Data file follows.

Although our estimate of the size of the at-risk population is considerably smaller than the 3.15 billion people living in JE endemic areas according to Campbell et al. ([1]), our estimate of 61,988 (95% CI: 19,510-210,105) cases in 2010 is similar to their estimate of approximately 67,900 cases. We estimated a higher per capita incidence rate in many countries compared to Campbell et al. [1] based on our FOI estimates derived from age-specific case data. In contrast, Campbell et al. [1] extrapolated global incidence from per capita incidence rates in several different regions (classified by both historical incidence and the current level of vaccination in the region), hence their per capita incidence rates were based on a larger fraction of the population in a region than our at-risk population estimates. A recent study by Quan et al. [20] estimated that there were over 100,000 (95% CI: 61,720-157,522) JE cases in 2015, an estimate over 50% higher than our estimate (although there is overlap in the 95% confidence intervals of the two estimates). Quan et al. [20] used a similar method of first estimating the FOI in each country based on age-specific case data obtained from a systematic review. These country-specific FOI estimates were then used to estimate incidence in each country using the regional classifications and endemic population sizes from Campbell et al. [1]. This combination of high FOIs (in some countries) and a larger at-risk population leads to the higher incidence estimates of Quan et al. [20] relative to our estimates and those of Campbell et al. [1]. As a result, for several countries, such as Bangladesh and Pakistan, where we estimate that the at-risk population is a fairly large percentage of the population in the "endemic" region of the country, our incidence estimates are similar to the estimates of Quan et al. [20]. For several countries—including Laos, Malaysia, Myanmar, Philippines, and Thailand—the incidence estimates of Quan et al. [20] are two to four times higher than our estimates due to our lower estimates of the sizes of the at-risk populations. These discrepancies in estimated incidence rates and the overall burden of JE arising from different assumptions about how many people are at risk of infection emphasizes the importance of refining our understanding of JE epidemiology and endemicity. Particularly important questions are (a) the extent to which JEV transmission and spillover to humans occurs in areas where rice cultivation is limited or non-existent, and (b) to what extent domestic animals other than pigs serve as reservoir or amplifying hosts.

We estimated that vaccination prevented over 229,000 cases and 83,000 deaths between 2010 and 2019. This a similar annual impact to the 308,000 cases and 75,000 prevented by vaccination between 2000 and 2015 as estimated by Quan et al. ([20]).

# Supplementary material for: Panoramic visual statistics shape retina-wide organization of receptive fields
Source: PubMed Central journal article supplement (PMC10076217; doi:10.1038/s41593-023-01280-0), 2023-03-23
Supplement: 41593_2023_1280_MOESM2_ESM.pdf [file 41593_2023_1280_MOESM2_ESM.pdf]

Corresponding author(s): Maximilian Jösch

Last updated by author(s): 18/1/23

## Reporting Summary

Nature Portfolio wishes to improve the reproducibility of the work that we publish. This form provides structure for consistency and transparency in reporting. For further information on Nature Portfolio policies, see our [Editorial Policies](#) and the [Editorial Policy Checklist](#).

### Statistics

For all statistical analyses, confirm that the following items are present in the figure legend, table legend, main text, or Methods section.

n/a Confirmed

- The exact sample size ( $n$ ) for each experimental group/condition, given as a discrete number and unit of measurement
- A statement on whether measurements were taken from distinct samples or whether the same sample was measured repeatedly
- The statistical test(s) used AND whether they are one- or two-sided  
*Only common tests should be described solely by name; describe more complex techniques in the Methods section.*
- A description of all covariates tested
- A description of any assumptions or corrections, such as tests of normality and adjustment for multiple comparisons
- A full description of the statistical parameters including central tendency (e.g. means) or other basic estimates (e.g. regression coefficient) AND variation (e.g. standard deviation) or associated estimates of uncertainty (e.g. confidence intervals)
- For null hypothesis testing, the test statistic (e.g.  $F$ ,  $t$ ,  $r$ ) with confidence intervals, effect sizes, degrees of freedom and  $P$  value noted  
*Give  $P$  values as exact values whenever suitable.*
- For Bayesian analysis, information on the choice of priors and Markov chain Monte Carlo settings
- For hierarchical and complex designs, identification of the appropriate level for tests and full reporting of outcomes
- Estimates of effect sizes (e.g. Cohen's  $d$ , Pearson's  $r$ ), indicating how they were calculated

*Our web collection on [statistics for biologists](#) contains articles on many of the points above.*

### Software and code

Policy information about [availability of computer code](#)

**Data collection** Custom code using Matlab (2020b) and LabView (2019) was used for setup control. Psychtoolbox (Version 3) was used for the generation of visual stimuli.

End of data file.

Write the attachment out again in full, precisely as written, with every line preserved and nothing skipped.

Although our estimate of the size of the at-risk population is considerably smaller than the 3.15 billion people living in JE endemic areas according to Campbell et al. ([1]), our estimate of 61,988 (95% CI: 19,510-210,105) cases in 2010 is similar to their estimate of approximately 67,900 cases. We estimated a higher per capita incidence rate in many countries compared to Campbell et al. [1] based on our FOI estimates derived from age-specific case data. In contrast, Campbell et al. [1] extrapolated global incidence from per capita incidence rates in several different regions (classified by both historical incidence and the current level of vaccination in the region), hence their per capita incidence rates were based on a larger fraction of the population in a region than our at-risk population estimates. A recent study by Quan et al. [20] estimated that there were over 100,000 (95% CI: 61,720-157,522) JE cases in 2015, an estimate over 50% higher than our estimate (although there is overlap in the 95% confidence intervals of the two estimates). Quan et al. [20] used a similar method of first estimating the FOI in each country based on age-specific case data obtained from a systematic review. These country-specific FOI estimates were then used to estimate incidence in each country using the regional classifications and endemic population sizes from Campbell et al. [1]. This combination of high FOIs (in some countries) and a larger at-risk population leads to the higher incidence estimates of Quan et al. [20] relative to our estimates and those of Campbell et al. [1]. As a result, for several countries, such as Bangladesh and Pakistan, where we estimate that the at-risk population is a fairly large percentage of the population in the "endemic" region of the country, our incidence estimates are similar to the estimates of Quan et al. [20]. For several countries—including Laos, Malaysia, Myanmar, Philippines, and Thailand—the incidence estimates of Quan et al. [20] are two to four times higher than our estimates due to our lower estimates of the sizes of the at-risk populations. These discrepancies in estimated incidence rates and the overall burden of JE arising from different assumptions about how many people are at risk of infection emphasizes the importance of refining our understanding of JE epidemiology and endemicity. Particularly important questions are (a) the extent to which JEV transmission and spillover to humans occurs in areas where rice cultivation is limited or non-existent, and (b) to what extent domestic animals other than pigs serve as reservoir or amplifying hosts.

We estimated that vaccination prevented over 229,000 cases and 83,000 deaths between 2010 and 2019. This a similar annual impact to the 308,000 cases and 75,000 prevented by vaccination between 2000 and 2015 as estimated by Quan et al. ([20]).

# Supplementary material for: Panoramic visual statistics shape retina-wide organization of receptive fields
Source: PubMed Central journal article supplement (PMC10076217; doi:10.1038/s41593-023-01280-0), 2023-03-23
Supplement: 41593_2023_1280_MOESM2_ESM.pdf [file 41593_2023_1280_MOESM2_ESM.pdf]

Corresponding author(s): Maximilian Jösch

Last updated by author(s): 18/1/23

## Reporting Summary

Nature Portfolio wishes to improve the reproducibility of the work that we publish. This form provides structure for consistency and transparency in reporting. For further information on Nature Portfolio policies, see our [Editorial Policies](#) and the [Editorial Policy Checklist](#).

### Statistics

For all statistical analyses, confirm that the following items are present in the figure legend, table legend, main text, or Methods section.

n/a Confirmed

- The exact sample size ( $n$ ) for each experimental group/condition, given as a discrete number and unit of measurement
- A statement on whether measurements were taken from distinct samples or whether the same sample was measured repeatedly
- The statistical test(s) used AND whether they are one- or two-sided  
*Only common tests should be described solely by name; describe more complex techniques in the Methods section.*
- A description of all covariates tested
- A description of any assumptions or corrections, such as tests of normality and adjustment for multiple comparisons
- A full description of the statistical parameters including central tendency (e.g. means) or other basic estimates (e.g. regression coefficient) AND variation (e.g. standard deviation) or associated estimates of uncertainty (e.g. confidence intervals)
- For null hypothesis testing, the test statistic (e.g.  $F$ ,  $t$ ,  $r$ ) with confidence intervals, effect sizes, degrees of freedom and  $P$  value noted  
*Give  $P$  values as exact values whenever suitable.*
- For Bayesian analysis, information on the choice of priors and Markov chain Monte Carlo settings
- For hierarchical and complex designs, identification of the appropriate level for tests and full reporting of outcomes
- Estimates of effect sizes (e.g. Cohen's  $d$ , Pearson's  $r$ ), indicating how they were calculated

*Our web collection on [statistics for biologists](#) contains articles on many of the points above.*

### Software and code

Policy information about [availability of computer code](#)

**Data collection** Custom code using Matlab (2020b) and LabView (2019) was used for setup control. Psychtoolbox (Version 3) was used for the generation of visual stimuli.